Apocrypha: Tobit

I’m staking my claim here and now: in the unlikely event I ever form a band, its name will be Tobit’s Dog.

The dog is one of the more fascinating elements of this apocryphal book, the more so because of the superfluousness of his presence.  He’s mentioned only twice in the book – as a journey is undertaken and then again as it is completed.  Some suggest the dog is an angel, an answer to a father’s prayer for angelic companionship and protection for his son and his fellow traveler (5:17).  If this is the intended meaning, it is not without irony that this angelic canine is all but ignored and invisible to everyone in the story but the reader/hearer.

Tobit is basically a story about a young man (Tobias) who undertakes a journey at his father’s (Tobit) request, to retrieve a sum of money Tobit entrusted to a friend earlier.  Tobias is accompanied on his journey by the angel Raphael, though Tobias and everyone else but the reader/hearer is unaware of this identity until towards the end of the story.   Along the way, Tobias acquires a wife, dispels a demon, and finally upon return provides a curative for Tobit’s blindness.

But frankly, the dog is the most curious part of the story.

This story is not well constructed or well told.  It lacks the tight narrative style of Ruth.  It is interspersed with moral exhortations clearly contradicted (in the temporal sense) by the actual story itself.  Tobit is a minor character with superhuman holiness – which is rewarded only by blindness, poverty, and suffering.  This despite repeated claims throughout the story that God rewards his faithful and preserves them from all harm.  And while this is shown to be true in the end, I doubt many people would consider eight years of blindness much of a divine reward.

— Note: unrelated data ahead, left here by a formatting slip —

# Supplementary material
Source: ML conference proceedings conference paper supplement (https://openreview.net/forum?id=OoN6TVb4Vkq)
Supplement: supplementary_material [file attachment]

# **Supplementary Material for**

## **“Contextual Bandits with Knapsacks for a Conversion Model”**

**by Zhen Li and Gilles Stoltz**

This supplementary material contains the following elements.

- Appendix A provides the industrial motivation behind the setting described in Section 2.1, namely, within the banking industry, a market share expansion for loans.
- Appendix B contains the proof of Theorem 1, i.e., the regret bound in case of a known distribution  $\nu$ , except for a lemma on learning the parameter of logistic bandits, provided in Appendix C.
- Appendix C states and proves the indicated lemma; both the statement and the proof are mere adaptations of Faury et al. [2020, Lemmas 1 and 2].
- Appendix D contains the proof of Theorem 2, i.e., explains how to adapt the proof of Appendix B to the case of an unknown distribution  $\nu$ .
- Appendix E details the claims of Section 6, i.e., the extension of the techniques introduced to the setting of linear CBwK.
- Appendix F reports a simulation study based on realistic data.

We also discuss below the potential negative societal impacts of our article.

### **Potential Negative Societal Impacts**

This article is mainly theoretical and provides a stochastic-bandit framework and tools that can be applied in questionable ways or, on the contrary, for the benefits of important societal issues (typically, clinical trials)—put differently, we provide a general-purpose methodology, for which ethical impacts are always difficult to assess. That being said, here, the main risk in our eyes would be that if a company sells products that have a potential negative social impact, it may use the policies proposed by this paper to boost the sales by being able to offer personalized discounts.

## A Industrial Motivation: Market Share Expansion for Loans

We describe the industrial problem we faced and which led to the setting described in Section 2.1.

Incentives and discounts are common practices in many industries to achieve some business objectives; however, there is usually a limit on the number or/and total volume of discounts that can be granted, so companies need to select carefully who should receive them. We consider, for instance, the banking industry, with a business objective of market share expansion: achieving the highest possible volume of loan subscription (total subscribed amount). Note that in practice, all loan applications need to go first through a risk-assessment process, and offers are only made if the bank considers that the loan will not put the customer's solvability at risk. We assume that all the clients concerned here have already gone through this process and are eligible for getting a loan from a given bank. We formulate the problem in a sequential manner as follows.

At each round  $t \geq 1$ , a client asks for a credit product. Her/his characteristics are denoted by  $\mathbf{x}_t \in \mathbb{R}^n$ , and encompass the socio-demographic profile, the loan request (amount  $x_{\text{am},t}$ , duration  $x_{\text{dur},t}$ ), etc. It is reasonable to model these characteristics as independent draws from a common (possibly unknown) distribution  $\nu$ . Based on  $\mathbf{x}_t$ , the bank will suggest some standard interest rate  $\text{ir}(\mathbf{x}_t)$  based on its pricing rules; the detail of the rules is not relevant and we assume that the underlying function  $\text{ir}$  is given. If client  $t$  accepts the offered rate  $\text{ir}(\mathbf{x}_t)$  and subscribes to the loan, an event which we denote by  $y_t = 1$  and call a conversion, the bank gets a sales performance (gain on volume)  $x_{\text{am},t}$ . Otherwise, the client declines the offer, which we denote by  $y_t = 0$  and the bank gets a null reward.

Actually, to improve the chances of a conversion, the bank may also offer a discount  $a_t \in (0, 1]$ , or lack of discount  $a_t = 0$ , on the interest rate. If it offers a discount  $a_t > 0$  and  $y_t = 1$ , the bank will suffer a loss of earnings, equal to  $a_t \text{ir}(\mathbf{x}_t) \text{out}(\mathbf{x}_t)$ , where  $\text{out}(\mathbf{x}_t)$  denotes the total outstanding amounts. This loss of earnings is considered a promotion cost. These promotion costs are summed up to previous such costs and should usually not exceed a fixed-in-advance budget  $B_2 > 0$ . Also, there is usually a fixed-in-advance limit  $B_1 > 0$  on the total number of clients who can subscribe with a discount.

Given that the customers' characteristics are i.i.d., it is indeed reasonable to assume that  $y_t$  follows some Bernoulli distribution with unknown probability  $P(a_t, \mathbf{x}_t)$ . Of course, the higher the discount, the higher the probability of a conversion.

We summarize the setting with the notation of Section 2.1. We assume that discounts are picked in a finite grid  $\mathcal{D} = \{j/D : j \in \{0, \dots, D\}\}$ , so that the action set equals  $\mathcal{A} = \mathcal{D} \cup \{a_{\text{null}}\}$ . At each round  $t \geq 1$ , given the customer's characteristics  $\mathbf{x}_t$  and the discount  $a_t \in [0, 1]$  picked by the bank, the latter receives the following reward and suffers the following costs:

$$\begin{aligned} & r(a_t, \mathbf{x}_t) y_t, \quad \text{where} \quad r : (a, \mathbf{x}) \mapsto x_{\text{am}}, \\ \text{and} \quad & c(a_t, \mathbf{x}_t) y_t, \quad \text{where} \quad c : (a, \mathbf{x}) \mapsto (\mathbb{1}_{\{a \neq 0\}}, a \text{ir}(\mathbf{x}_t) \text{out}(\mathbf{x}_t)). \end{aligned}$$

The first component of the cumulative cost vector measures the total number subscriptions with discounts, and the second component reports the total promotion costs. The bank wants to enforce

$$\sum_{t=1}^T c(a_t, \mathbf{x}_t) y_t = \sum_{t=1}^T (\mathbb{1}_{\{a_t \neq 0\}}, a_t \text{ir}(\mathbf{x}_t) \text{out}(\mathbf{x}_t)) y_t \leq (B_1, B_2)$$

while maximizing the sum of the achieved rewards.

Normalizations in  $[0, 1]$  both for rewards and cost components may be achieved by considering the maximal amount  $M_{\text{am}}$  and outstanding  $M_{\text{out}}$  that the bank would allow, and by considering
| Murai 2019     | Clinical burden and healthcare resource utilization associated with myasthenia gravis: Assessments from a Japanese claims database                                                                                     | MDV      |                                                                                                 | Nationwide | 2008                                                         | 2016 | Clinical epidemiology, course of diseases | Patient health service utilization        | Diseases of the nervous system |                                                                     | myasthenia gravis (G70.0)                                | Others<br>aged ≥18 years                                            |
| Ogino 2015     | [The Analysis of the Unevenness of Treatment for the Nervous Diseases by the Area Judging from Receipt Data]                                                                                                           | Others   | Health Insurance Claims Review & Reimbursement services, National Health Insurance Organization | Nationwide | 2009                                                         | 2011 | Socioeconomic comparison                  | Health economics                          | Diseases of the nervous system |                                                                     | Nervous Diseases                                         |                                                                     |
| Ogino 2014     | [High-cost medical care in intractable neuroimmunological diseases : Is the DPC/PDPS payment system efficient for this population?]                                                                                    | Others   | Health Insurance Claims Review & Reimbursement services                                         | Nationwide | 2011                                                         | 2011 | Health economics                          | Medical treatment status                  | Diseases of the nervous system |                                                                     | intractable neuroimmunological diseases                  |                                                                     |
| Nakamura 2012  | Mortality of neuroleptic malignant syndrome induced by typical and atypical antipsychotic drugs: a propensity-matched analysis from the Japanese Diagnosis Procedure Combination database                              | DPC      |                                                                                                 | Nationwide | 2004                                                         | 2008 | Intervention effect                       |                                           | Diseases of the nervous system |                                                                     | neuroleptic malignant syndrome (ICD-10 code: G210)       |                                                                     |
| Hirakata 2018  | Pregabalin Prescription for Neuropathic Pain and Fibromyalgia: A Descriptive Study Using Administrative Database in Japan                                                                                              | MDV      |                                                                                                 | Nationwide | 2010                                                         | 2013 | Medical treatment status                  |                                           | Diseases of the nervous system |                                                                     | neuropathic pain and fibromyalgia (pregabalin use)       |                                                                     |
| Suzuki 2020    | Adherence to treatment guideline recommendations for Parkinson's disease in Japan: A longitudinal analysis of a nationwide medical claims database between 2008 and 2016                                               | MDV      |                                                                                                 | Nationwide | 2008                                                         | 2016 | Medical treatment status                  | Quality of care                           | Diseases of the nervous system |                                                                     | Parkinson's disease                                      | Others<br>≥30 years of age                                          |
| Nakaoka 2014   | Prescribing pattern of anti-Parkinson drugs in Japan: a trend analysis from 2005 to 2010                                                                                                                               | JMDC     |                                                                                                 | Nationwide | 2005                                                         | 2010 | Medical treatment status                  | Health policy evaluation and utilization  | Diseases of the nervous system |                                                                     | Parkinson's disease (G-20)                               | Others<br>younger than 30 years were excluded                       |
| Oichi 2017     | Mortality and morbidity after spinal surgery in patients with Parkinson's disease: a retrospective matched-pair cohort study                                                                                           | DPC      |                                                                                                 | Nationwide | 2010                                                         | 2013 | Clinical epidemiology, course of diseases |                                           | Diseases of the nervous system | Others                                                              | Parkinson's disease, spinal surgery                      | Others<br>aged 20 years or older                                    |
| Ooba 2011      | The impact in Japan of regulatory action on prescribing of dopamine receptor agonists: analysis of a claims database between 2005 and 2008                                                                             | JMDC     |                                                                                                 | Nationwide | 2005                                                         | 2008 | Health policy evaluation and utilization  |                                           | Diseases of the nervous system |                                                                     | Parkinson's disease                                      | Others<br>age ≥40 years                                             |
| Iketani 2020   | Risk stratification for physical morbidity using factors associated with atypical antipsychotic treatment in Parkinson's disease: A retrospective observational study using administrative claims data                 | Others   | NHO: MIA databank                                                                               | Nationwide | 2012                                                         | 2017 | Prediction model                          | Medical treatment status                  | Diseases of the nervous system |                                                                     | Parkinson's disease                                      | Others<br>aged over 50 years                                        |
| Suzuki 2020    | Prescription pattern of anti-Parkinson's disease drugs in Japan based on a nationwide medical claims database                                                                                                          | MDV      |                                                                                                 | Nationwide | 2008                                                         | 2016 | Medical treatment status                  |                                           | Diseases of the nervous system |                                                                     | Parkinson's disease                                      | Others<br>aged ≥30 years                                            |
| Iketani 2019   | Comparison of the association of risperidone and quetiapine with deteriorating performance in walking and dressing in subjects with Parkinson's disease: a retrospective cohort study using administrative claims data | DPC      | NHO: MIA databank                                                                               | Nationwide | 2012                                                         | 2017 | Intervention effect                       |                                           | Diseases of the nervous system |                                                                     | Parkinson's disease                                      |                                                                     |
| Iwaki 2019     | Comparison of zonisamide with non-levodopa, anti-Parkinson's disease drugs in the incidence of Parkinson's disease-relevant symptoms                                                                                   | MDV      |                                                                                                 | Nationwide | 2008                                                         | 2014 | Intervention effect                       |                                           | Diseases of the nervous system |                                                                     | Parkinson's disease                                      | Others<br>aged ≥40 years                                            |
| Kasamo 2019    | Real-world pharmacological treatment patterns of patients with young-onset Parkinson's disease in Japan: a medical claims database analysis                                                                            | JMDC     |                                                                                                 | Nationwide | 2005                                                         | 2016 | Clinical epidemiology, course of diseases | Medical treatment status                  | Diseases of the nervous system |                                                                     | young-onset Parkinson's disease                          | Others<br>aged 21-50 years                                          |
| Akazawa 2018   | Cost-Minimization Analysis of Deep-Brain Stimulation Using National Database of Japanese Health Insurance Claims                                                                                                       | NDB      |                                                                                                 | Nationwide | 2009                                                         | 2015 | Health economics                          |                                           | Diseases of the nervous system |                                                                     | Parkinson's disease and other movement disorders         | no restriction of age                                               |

Characters are perfunctory and one-dimensional.  Events are laid out in barebones fashion without any sense of real drama or uncertainty.  There is little to nothing in this story that links it to anything else in the Old Testament, and worse still, there are aspects to it that stand in contradiction to the rest of the Old Testament (such as Raphael’s ‘magical’ solution to driving a demon away).  As a moral tale, it is flat and uninteresting despite  the possibility of a great deal of good dramatic (or even darkly comedic) circumstances.

Frankly I don’t see the point in recommending this as reading to someone, let alone debating whether it should be a part of the Biblical canon.  While there’s the potential for  harm here (magical solutions, curious portrayals of angels and demons, etc.), it offers nothing not better conveyed by other books of the Old Testament.  It echoes Job and Ruth and other stories in Scripture but in a far reduced capacity and beauty.

This book was treated as canonical by Christians as early as the 4th century and confirmed in that status by the Roman Catholic Church at the Council of Trent in the 16th century.  However the Jewish people do not acknowledge it as part of their Scriptures (the Old Testament).  It is presumed to have been written not much earlier than the 3rd century BC, and perhaps as late as the close of the 2nd century BC.

But that dog.  That dog is a curiosity!

 

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